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    ABSTRACT: Optical imaging techniques reflect different biochemical processes in the brain, which is closely related with neural activity. Scientists and clinicians employ a variety of optical imaging technologies to visualize and study the relationship between neurons, glial cells and blood vessels. In this paper, we present an overview of the current optical approaches used for the in vivo imaging of neurovascular coupling events in small animal models. These techniques include 2-photon microscopy, laser speckle contrast imaging (LSCI), voltage-sensitive dye imaging (VSDi), functional photoacoustic microscopy (fPAM), functional near-infrared spectroscopy imaging (fNIRS) and multimodal imaging techniques. The basic principles of each technique are described in detail, followed by examples of current applications from cutting-edge studies of cerebral neurovascular coupling functions and metabolic. Moreover, we provide a glimpse of the possible ways in which these techniques might be translated to human studies for clinical investigations of pathophysiology and disease. In vivo optical imaging techniques continue to expand and evolve, allowing us to discover fundamental basis of neurovascular coupling roles in cerebral physiology and pathophysiology.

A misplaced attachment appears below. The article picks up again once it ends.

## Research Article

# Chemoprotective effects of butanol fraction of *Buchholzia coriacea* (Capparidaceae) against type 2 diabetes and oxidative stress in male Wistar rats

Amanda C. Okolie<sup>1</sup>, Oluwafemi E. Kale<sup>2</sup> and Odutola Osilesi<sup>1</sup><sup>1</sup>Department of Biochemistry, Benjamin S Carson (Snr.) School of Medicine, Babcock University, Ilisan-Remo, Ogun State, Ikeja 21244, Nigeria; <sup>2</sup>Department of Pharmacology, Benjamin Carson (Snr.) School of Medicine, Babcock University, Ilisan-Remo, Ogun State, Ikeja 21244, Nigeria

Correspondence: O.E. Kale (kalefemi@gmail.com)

BioMedical Engineering OnLine 04/2013; 12(1):38. DOI:10.1186/1475-925X-12-38 · 1.43 Impact Factor
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    • "as a response to the needs of real-time diagnosis of oral disease. Combined applications of biomedicine, spectroscopy, and illumination engineering have been undertaken in recent years to overcome these drawbacks [1] [2] [3] [4] [5] [6] [7]. The multi-spectral imaging (MSI) technique shows the most potential among these applications because of its real-time properties. "